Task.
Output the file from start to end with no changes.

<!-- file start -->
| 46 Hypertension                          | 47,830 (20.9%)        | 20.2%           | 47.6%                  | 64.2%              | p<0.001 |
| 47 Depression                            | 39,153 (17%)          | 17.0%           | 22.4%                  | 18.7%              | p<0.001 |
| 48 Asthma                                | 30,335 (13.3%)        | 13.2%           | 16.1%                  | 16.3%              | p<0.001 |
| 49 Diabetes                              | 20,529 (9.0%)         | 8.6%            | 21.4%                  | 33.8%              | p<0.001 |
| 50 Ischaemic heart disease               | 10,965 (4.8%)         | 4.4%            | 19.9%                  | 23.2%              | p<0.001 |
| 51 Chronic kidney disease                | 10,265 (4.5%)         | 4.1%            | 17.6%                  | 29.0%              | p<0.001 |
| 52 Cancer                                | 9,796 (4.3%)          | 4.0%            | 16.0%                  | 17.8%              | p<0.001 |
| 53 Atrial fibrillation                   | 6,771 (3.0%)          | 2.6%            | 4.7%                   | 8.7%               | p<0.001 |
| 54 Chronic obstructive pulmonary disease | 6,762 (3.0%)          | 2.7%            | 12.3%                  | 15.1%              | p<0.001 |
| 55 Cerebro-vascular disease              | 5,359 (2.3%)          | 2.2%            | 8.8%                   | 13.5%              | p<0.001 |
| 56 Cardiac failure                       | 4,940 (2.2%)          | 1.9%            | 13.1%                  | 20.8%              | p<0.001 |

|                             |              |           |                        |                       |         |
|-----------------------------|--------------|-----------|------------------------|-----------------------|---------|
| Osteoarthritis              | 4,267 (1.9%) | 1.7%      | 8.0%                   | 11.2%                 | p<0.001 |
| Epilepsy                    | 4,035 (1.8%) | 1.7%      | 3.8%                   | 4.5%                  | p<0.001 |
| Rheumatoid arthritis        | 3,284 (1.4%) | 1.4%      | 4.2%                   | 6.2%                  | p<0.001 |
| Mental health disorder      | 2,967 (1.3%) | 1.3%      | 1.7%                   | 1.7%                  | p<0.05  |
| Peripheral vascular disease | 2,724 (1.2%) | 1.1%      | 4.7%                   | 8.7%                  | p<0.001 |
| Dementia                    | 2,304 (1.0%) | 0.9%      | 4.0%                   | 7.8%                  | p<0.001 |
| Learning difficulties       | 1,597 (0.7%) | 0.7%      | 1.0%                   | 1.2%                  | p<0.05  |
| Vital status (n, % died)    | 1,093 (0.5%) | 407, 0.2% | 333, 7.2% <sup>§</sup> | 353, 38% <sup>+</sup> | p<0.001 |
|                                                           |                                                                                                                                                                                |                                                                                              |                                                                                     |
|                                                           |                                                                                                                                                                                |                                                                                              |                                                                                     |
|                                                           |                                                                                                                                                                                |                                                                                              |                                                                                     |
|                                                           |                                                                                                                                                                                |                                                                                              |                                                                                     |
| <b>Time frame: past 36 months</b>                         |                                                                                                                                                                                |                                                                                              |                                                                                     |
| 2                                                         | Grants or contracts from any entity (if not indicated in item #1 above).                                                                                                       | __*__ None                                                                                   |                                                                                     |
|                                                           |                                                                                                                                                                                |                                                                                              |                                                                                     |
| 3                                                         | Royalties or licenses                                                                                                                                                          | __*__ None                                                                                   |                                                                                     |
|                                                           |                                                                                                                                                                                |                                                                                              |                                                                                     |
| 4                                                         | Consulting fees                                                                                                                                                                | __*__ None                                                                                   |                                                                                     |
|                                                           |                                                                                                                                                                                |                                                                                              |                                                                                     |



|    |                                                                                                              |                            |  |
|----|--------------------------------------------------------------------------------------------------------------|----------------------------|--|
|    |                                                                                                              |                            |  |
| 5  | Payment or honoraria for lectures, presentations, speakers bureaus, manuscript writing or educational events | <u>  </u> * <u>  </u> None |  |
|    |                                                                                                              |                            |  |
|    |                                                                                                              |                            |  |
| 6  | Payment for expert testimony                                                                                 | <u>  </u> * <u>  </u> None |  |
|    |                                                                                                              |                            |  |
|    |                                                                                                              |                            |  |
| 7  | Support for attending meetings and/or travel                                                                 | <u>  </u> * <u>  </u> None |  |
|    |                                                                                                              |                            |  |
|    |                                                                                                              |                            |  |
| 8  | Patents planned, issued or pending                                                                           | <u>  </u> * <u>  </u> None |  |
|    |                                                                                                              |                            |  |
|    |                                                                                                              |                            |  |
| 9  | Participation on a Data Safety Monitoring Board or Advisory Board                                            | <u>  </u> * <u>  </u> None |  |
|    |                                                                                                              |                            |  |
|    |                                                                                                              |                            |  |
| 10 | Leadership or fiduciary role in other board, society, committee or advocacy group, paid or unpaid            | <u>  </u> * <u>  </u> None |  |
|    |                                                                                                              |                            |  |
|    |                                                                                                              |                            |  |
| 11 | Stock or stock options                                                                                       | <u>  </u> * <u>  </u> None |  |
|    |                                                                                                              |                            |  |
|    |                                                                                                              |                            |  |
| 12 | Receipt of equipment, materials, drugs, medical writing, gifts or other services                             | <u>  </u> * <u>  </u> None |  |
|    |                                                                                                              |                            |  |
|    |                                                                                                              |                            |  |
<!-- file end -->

| 46 Hypertension                          | 47,830 (20.9%)        | 20.2%           | 47.6%                  | 64.2%              | p<0.001 |
| 47 Depression                            | 39,153 (17%)          | 17.0%           | 22.4%                  | 18.7%              | p<0.001 |
| 48 Asthma                                | 30,335 (13.3%)        | 13.2%           | 16.1%                  | 16.3%              | p<0.001 |
| 49 Diabetes                              | 20,529 (9.0%)         | 8.6%            | 21.4%                  | 33.8%              | p<0.001 |
| 50 Ischaemic heart disease               | 10,965 (4.8%)         | 4.4%            | 19.9%                  | 23.2%              | p<0.001 |
| 51 Chronic kidney disease                | 10,265 (4.5%)         | 4.1%            | 17.6%                  | 29.0%              | p<0.001 |
| 52 Cancer                                | 9,796 (4.3%)          | 4.0%            | 16.0%                  | 17.8%              | p<0.001 |
| 53 Atrial fibrillation                   | 6,771 (3.0%)          | 2.6%            | 4.7%                   | 8.7%               | p<0.001 |
| 54 Chronic obstructive pulmonary disease | 6,762 (3.0%)          | 2.7%            | 12.3%                  | 15.1%              | p<0.001 |
| 55 Cerebro-vascular disease              | 5,359 (2.3%)          | 2.2%            | 8.8%                   | 13.5%              | p<0.001 |
| 56 Cardiac failure                       | 4,940 (2.2%)          | 1.9%            | 13.1%                  | 20.8%              | p<0.001 |

|                             |              |           |                        |                       |         |
|-----------------------------|--------------|-----------|------------------------|-----------------------|---------|
| Osteoarthritis              | 4,267 (1.9%) | 1.7%      | 8.0%                   | 11.2%                 | p<0.001 |
| Epilepsy                    | 4,035 (1.8%) | 1.7%      | 3.8%                   | 4.5%                  | p<0.001 |
| Rheumatoid arthritis        | 3,284 (1.4%) | 1.4%      | 4.2%                   | 6.2%                  | p<0.001 |
| Mental health disorder      | 2,967 (1.3%) | 1.3%      | 1.7%                   | 1.7%                  | p<0.05  |
| Peripheral vascular disease | 2,724 (1.2%) | 1.1%      | 4.7%                   | 8.7%                  | p<0.001 |
| Dementia                    | 2,304 (1.0%) | 0.9%      | 4.0%                   | 7.8%                  | p<0.001 |
| Learning difficulties       | 1,597 (0.7%) | 0.7%      | 1.0%                   | 1.2%                  | p<0.05  |
| Vital status (n, % died)    | 1,093 (0.5%) | 407, 0.2% | 333, 7.2% <sup>§</sup> | 353, 38% <sup>+</sup> | p<0.001 |
|                                                           |                                                                                                                                                                                |                                                                                              |                                                                                     |
|                                                           |                                                                                                                                                                                |                                                                                              |                                                                                     |
|                                                           |                                                                                                                                                                                |                                                                                              |                                                                                     |
|                                                           |                                                                                                                                                                                |                                                                                              |                                                                                     |
| <b>Time frame: past 36 months</b>                         |                                                                                                                                                                                |                                                                                              |                                                                                     |
| 2                                                         | Grants or contracts from any entity (if not indicated in item #1 above).                                                                                                       | __*__ None                                                                                   |                                                                                     |
|                                                           |                                                                                                                                                                                |                                                                                              |                                                                                     |
| 3                                                         | Royalties or licenses                                                                                                                                                          | __*__ None                                                                                   |                                                                                     |
|                                                           |                                                                                                                                                                                |                                                                                              |                                                                                     |
| 4                                                         | Consulting fees                                                                                                                                                                | __*__ None                                                                                   |                                                                                     |
|                                                           |                                                                                                                                                                                |                                                                                              |                                                                                     |



|    |                                                                                                              |                            |  |
|----|--------------------------------------------------------------------------------------------------------------|----------------------------|--|
|    |                                                                                                              |                            |  |
| 5  | Payment or honoraria for lectures, presentations, speakers bureaus, manuscript writing or educational events | <u>  </u> * <u>  </u> None |  |
|    |                                                                                                              |                            |  |
|    |                                                                                                              |                            |  |
| 6  | Payment for expert testimony                                                                                 | <u>  </u> * <u>  </u> None |  |
|    |                                                                                                              |                            |  |
|    |                                                                                                              |                            |  |
| 7  | Support for attending meetings and/or travel                                                                 | <u>  </u> * <u>  </u> None |  |
|    |                                                                                                              |                            |  |
|    |                                                                                                              |                            |  |
| 8  | Patents planned, issued or pending                                                                           | <u>  </u> * <u>  </u> None |  |
|    |                                                                                                              |                            |  |
|    |                                                                                                              |                            |  |
| 9  | Participation on a Data Safety Monitoring Board or Advisory Board                                            | <u>  </u> * <u>  </u> None |  |
|    |                                                                                                              |                            |  |
|    |                                                                                                              |                            |  |
| 10 | Leadership or fiduciary role in other board, society, committee or advocacy group, paid or unpaid            | <u>  </u> * <u>  </u> None |  |
|    |                                                                                                              |                            |  |
|    |                                                                                                              |                            |  |
| 11 | Stock or stock options                                                                                       | <u>  </u> * <u>  </u> None |  |
|    |                                                                                                              |                            |  |
|    |                                                                                                              |                            |  |
| 12 | Receipt of equipment, materials, drugs, medical writing, gifts or other services                             | <u>  </u> * <u>  </u> None |  |
|    |                                                                                                              |                            |  |
|    |                                                                                                              |                            |  |